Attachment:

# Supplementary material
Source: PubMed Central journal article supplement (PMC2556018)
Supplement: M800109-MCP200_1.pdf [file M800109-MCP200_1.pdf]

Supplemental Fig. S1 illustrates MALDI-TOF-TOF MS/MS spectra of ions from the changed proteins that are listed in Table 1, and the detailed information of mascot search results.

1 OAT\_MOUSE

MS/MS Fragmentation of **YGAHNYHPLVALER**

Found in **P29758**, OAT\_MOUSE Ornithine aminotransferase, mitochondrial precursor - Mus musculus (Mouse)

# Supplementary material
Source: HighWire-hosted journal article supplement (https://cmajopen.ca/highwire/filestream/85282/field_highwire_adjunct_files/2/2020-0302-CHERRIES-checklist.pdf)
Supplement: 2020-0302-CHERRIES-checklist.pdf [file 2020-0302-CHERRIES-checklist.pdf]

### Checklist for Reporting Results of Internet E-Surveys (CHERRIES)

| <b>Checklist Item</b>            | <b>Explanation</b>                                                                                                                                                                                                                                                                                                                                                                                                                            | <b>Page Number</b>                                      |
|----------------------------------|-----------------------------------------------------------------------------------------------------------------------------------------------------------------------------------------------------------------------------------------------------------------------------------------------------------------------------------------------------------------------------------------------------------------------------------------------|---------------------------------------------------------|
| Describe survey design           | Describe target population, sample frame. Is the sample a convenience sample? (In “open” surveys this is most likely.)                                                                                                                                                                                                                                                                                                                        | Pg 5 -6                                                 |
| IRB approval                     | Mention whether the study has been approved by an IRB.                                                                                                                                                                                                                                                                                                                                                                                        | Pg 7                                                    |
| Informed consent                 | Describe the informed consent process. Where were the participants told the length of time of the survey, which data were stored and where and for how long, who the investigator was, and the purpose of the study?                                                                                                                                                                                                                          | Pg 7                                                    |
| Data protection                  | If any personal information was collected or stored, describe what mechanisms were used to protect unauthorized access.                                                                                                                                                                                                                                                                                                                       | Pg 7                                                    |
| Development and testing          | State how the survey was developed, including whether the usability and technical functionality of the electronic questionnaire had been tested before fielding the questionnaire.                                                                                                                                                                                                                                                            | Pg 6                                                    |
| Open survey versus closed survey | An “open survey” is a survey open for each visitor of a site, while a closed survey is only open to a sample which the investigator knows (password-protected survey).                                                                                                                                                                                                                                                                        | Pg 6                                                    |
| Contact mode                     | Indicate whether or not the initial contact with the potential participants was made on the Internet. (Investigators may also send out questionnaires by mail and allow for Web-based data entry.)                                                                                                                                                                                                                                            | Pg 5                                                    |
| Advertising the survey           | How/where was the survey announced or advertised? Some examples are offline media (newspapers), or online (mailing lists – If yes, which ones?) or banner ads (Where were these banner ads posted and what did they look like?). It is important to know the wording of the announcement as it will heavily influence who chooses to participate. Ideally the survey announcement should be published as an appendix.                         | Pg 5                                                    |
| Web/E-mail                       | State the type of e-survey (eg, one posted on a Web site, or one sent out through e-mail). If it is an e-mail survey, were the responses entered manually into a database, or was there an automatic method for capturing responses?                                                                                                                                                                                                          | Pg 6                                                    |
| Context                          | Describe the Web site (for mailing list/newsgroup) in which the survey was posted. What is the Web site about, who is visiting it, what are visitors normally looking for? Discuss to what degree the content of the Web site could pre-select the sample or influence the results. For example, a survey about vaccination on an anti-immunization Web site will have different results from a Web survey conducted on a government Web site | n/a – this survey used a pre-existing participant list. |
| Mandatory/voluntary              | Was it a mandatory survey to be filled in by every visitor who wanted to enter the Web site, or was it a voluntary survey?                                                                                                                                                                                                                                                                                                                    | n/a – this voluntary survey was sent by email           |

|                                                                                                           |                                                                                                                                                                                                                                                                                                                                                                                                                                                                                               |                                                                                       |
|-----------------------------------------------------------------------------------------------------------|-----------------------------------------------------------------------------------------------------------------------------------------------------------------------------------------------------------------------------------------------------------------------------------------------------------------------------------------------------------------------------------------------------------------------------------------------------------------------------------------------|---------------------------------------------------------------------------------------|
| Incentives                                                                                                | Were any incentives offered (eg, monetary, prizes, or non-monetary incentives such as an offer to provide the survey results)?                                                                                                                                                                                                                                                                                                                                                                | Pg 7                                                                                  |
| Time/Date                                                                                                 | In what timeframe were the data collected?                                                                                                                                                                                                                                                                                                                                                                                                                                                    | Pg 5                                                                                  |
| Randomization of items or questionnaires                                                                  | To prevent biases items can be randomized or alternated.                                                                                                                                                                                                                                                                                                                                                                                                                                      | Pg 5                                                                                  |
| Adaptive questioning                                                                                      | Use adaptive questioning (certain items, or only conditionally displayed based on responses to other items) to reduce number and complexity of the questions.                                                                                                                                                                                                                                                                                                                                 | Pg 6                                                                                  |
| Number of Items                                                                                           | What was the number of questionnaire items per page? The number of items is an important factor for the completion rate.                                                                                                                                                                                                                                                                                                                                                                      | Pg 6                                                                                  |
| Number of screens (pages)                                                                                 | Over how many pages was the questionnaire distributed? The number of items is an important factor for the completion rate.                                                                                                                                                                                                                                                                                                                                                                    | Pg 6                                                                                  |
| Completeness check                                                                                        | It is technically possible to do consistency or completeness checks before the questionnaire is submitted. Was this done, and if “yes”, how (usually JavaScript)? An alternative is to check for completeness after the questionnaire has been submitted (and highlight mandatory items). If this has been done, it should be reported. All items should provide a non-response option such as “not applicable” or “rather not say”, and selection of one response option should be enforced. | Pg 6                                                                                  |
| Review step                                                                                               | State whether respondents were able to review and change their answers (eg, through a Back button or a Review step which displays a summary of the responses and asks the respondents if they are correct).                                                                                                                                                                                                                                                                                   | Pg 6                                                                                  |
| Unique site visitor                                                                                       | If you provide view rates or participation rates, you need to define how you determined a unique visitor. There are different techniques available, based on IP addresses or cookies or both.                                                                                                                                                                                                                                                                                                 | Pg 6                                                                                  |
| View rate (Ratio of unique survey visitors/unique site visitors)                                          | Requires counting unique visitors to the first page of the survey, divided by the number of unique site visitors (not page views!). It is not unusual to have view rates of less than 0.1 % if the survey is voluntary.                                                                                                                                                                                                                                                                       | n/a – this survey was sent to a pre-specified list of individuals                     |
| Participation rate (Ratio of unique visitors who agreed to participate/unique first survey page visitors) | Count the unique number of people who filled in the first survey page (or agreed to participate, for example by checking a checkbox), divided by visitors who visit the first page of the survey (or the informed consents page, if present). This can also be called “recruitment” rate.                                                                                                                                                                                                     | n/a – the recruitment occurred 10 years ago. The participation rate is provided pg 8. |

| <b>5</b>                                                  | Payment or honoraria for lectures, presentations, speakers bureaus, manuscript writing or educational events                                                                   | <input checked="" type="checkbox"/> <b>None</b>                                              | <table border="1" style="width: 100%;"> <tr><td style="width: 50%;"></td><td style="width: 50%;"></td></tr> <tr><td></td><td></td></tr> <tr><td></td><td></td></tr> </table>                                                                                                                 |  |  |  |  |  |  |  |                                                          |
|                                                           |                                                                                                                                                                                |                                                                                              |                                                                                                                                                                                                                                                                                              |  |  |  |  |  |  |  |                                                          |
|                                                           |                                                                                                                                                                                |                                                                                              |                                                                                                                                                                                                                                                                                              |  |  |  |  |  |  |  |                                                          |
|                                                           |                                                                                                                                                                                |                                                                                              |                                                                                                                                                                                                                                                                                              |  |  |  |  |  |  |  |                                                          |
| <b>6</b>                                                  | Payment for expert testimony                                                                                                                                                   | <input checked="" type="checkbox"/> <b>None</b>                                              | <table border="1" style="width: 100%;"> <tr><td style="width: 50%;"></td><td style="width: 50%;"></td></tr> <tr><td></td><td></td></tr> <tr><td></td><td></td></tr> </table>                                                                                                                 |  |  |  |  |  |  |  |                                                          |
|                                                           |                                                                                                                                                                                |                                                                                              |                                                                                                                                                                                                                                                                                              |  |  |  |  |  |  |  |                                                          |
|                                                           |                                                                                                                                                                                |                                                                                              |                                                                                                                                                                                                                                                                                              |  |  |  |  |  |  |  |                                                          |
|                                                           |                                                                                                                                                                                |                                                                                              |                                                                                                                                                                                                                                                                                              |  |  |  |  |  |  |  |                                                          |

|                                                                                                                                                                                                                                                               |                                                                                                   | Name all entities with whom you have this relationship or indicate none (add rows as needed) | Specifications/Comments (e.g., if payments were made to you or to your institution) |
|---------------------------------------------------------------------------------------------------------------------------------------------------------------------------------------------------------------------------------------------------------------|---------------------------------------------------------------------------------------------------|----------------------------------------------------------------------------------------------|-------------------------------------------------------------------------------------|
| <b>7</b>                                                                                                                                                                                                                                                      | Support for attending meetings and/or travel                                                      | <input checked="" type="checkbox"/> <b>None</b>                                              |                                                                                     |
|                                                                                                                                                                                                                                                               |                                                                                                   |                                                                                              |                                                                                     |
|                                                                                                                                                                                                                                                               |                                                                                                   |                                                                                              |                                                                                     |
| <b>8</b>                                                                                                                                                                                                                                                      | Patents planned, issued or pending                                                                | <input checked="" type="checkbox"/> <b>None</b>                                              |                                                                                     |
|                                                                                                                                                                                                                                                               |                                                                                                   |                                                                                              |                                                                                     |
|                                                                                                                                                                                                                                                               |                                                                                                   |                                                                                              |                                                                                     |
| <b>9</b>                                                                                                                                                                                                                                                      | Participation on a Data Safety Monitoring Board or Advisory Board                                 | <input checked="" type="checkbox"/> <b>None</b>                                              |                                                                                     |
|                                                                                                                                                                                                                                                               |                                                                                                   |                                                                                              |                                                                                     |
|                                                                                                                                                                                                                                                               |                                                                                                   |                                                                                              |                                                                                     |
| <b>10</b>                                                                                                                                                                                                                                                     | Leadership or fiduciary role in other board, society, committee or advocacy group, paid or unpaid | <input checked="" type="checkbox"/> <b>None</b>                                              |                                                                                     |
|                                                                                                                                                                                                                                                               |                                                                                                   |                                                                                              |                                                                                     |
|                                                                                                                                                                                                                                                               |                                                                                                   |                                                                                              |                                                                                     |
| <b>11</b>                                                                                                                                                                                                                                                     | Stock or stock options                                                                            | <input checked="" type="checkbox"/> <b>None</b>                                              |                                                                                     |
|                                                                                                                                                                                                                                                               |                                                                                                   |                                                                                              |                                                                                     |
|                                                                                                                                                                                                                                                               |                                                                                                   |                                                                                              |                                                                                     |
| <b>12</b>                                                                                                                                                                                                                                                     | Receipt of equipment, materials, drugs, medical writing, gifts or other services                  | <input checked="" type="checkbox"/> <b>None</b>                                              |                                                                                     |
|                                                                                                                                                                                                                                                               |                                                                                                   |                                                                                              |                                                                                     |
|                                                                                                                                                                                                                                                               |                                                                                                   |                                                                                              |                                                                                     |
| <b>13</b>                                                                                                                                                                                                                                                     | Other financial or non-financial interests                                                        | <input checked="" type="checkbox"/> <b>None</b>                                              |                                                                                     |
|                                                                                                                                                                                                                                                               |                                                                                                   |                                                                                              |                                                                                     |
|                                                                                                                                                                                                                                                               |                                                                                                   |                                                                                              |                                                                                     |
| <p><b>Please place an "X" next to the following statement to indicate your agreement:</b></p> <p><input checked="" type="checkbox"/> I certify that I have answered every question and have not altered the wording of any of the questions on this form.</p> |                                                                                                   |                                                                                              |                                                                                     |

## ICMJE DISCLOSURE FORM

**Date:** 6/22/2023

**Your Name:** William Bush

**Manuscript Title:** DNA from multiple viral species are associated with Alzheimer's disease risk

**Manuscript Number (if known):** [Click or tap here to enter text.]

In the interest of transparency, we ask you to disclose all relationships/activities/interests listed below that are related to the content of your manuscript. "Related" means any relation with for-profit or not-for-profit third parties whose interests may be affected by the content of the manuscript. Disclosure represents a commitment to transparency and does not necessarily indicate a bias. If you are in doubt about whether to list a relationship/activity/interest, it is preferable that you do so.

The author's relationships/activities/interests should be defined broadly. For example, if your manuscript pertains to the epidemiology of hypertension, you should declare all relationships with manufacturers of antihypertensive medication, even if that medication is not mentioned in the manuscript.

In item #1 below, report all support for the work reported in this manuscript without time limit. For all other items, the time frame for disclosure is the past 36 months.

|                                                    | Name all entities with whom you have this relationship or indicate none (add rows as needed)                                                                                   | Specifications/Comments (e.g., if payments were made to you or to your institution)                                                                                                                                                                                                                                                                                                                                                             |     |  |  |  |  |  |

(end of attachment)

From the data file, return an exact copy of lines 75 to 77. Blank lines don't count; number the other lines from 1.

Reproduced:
In the interest of transparency, we ask you to disclose all relationships/activities/interests listed below that are related to the content of your manuscript. "Related" means any relation with for-profit or not-for-profit third parties whose interests may be affected by the content of the manuscript. Disclosure represents a commitment to transparency and does not necessarily indicate a bias. If you are in doubt about whether to list a relationship/activity/interest, it is preferable that you do so.

The author's relationships/activities/interests should be defined broadly. For example, if your manuscript pertains to the epidemiology of hypertension, you should declare all relationships with manufacturers of antihypertensive medication, even if that medication is not mentioned in the manuscript.

In item #1 below, report all support for the work reported in this manuscript without time limit. For all other items, the time frame for disclosure is the past 36 months.